After two recesses and four hours of discourse, Kern County officials approved the new system and rates Tuesday for the county’s trash collection in its three zones — metro Bakersfield, western Kern and eastern Kern — with select areas removed from each.
In an effort to meet state guidelines by Jan. 1, 2024, counties across California have to implement some form of collection system that complies with SB 1383, a 2020 state law with a goal of throwing 75% less organic waste into landfills by 2025. If governments don’t comply in time, penalties run $10,000 a day or $3.65 million annually, fined directly to the county’s general fund.
“The state has created a legislative program that creates unattainable goals,” said Josh Champlin, the county’s interim director of public works, “while placing the financial burden squarely on the shoulders of homeowners, renters and business owners who already pay more taxes than most places in the country.”
The universal collection system, and its new rates, were approved, but only for areas within the three zones that already have a universal collection system in place.
New rates for the aforementioned areas will be: $368.64 for metro Bakersfield, $528.96 for western Kern and $559.80 for eastern Kern, though costs will be at a reduced rate in the first year.
The Board of Supervisors voted 4-0. Supervisor Leticia Perez stepped out partway through the discussions and didn't vote.
Even with those areas teased out of the system, officials say Kern is at 81% compliance with the state’s guidelines, as many of the more populated areas such as metro Bakersfield are already operating under a three cart-system and wlll not see a drastic increase in cost.
But in areas where universal collection was not in place or optional, nothing changes for now.
Changes were made by staff after a 20-minute recess following criticisms iterated by the county supervisors who felt the rates were unfair, and that original collection areas were too big to accurately represent the opinions of their respective communities, especially in eastern Kern.
Areas removed from the new map included Frazier Park, Tehachapi, Kern River Valley, Ridgecrest, Boron, Mojave and Rosamond, among others.
Going forward, officials said they will need to find areas that can make up the remaining 19% to meet state compliance. Additionally, areas that exceed the population threshold, like Lake Isabella, will have to implement some kind of system before the start of the new year. And since other areas may no longer be included, officials are worried trash rates will go up from the lakeside community of 1,400.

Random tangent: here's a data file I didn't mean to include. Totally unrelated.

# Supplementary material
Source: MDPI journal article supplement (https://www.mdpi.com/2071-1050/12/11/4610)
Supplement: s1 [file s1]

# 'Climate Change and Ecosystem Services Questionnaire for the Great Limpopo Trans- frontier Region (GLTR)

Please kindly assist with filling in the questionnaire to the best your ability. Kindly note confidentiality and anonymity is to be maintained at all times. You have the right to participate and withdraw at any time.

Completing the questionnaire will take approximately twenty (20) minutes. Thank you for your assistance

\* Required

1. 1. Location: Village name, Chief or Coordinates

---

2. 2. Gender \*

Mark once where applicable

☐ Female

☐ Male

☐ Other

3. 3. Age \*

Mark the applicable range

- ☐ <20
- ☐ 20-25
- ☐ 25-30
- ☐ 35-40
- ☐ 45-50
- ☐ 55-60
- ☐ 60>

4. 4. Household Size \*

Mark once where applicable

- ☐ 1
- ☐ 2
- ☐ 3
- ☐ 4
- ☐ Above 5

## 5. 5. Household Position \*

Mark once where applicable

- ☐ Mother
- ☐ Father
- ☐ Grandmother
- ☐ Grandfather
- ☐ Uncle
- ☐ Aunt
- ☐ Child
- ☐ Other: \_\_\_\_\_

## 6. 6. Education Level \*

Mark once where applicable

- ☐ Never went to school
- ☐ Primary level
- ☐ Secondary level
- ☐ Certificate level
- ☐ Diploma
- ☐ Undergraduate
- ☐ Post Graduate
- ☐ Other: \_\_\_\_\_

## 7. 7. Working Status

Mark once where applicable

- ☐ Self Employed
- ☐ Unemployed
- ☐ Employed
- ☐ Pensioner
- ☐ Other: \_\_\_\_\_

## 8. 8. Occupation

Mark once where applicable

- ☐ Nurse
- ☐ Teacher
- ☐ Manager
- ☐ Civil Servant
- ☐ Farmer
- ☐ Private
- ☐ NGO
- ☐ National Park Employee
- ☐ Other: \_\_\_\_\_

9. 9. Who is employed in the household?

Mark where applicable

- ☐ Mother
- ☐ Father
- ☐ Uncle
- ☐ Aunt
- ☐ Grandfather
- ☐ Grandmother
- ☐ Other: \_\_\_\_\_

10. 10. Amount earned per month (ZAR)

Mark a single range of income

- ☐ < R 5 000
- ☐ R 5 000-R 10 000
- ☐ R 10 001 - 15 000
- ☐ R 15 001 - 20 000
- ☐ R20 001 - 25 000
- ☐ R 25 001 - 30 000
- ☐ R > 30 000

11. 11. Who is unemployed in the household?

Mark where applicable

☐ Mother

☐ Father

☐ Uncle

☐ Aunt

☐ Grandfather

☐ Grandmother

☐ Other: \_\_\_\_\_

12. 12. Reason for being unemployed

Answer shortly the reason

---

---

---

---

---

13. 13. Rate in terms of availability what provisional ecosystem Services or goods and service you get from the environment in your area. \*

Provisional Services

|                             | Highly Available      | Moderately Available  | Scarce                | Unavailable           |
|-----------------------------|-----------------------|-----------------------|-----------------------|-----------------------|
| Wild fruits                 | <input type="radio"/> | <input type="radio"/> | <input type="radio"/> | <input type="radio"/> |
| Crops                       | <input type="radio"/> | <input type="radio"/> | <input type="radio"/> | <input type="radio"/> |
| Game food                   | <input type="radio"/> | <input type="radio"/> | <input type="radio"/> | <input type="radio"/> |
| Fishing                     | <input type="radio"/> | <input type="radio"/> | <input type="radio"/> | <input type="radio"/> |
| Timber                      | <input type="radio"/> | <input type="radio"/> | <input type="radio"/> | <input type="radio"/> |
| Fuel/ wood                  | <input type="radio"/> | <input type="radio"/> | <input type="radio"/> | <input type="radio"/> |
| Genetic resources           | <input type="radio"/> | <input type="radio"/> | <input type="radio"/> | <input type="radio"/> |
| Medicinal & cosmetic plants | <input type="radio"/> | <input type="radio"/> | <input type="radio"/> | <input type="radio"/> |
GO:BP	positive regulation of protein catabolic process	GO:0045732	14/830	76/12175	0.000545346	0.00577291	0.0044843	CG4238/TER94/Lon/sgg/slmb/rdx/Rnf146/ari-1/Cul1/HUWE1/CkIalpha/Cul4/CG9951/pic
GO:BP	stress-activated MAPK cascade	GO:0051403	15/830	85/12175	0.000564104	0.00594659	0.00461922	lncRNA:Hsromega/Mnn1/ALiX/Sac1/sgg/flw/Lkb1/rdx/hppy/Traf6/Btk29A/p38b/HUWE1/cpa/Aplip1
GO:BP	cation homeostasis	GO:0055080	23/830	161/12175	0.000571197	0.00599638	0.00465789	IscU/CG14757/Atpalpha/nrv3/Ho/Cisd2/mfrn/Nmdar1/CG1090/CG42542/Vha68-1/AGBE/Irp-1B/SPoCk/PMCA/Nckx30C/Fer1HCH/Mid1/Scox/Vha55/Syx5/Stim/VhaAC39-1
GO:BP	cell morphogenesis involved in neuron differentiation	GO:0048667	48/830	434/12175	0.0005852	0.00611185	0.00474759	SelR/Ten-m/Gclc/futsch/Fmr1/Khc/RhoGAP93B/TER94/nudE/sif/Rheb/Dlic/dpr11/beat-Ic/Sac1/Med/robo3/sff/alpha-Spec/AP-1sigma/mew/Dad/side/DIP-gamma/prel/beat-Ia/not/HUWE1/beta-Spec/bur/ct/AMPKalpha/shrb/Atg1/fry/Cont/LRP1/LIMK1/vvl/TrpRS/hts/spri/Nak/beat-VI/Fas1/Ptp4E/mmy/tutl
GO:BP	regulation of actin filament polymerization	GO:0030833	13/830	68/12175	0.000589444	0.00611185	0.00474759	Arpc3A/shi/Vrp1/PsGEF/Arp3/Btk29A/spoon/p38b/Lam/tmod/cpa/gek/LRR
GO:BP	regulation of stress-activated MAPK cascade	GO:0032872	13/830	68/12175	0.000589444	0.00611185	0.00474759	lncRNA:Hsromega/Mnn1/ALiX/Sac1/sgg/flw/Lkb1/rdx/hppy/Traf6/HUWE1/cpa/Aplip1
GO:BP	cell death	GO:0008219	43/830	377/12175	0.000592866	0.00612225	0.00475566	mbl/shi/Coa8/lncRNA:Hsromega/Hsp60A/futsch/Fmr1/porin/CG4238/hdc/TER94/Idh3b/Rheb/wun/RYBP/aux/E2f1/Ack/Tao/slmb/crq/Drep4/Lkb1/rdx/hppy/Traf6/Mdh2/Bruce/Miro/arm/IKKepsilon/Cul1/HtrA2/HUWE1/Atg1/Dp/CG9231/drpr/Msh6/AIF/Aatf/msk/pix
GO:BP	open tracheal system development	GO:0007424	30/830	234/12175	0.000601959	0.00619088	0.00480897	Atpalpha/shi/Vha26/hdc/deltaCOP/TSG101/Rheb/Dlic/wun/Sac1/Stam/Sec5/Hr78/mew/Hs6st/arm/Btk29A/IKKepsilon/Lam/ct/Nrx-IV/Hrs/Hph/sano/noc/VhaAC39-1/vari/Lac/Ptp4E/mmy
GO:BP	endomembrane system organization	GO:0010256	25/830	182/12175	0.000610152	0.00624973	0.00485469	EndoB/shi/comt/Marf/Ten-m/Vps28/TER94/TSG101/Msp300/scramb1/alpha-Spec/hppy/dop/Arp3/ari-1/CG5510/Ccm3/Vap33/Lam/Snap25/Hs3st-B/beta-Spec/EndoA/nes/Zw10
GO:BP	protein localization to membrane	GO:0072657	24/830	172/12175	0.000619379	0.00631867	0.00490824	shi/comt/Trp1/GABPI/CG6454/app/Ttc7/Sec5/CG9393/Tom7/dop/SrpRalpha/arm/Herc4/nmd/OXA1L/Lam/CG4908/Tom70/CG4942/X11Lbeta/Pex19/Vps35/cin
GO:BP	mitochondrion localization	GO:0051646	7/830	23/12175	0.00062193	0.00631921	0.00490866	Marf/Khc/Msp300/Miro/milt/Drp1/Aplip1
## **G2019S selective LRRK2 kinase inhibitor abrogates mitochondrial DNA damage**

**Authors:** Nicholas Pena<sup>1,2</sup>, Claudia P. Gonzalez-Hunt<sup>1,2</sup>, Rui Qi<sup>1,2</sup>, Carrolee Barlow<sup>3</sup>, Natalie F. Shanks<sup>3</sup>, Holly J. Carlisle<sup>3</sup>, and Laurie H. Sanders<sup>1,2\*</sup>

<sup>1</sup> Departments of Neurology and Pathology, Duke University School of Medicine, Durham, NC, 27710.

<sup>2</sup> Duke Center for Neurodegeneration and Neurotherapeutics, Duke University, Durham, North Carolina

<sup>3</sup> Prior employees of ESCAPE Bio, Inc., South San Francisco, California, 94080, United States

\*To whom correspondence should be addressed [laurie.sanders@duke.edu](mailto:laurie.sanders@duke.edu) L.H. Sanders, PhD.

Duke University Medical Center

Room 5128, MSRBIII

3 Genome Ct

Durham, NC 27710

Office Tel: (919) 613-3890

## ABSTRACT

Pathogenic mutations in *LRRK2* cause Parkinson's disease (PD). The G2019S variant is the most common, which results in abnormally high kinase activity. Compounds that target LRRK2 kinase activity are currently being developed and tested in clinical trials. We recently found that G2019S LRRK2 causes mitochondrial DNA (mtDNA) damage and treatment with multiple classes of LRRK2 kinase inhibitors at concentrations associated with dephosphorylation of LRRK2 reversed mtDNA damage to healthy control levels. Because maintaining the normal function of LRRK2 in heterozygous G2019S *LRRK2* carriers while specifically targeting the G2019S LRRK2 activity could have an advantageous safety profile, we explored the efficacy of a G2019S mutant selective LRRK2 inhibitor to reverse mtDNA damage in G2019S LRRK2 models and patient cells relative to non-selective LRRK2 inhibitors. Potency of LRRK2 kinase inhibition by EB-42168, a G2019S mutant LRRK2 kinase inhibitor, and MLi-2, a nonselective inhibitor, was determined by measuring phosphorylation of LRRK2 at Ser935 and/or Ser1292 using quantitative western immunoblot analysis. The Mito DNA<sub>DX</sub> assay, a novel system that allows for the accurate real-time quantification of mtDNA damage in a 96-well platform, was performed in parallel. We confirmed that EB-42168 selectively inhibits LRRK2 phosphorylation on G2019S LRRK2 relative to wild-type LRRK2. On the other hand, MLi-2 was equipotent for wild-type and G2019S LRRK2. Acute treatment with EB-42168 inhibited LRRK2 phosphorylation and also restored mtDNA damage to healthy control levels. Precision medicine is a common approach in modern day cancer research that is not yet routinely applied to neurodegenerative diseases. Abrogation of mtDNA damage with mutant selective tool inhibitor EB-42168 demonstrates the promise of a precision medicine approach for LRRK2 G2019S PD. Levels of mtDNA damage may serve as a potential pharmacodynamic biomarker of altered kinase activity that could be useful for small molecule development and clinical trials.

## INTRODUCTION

“This is something to get us closer but in no way does this make us fully compliant with state law,” Champlin said. “Staff will have to do additional work after this hearing to come back with options on how we can get to 100% compliance.”
Since the law does not require a universal collection area, self-hauling is an option. But officials estimate a self-haul system costs drastically more than a private service, as it would require all the dressings of the same system, but within a newly constructed county department.
“The county is not set up for the infrastructure in most of our landfills and transfer stations to accomplish state regulation for sorting,” Champlin said. “We would also be responsible for enforcing sorting of all customers who self-haul; we would have to report and do contamination checks on whether the sources were separated or not.”
Boron, for example, would cost the average home $1,104 in a self-haul model as opposed to $559.80 for a franchise hauler. And for the Kern River Valley, Champlin said it would cost $857.87 for self-hauling.
“Our cost estimates for different local areas found that the franchise hauler model is the more economic model and the best price for our constituents,” Champlin said.
Among the recommendations made, supervisors agreed that Kern needs to ramp up its community outreach to figure out local solutions that match the area’s culture.
“What I want to see is an opportunity for residents of communities to be able to participate in a Proposition 18 vote that is localized,” 2nd District Supervisor Zack Scrivner said. “Because I think each of those communities have a very different sense of circumstances when it comes to how they’ve been dealing with their waste stream and have different facilities available to them.”
None of the three zones received a sufficient number of protest letters through Proposition 218, which allows a legal contest of an impending law with a "50% plus one" majority.
“Fifty percent of people don't even show up to vote,” said Tommy Hastings, a Frazier Park resident. “I think Prop. 218 is a scam.”
While metro Bakersfield received 15 verified votes and western Kern netted 18, eastern Kern received more than 2,000 verified protest votes. Champlin said an “overwhelming amount” came from the Kern River Valley. Many present for Tuesday's meeting came from the valley region.
“This card is the only warning that Miss Winters received in the mail about this topic,” said Ashley Fike, who spoke on behalf of several Bodfish residents, including Kristen Winters, who could not attend the 2 p.m. meeting. “Most of them are now living on fixed incomes with limited financial flexibility. Many of their bins would sit unused while they paid significantly for a service they couldn’t use and watch trash trucks tear up their road.”
If a vote is taken in a region like Lake Isabella, where compliance is required, a legal battle may arise.
“I don’t know if there’s any precedent if we were to receive a successful protest hearing,” Champlin said. “This puts us in a position where it’s a bit unknown.”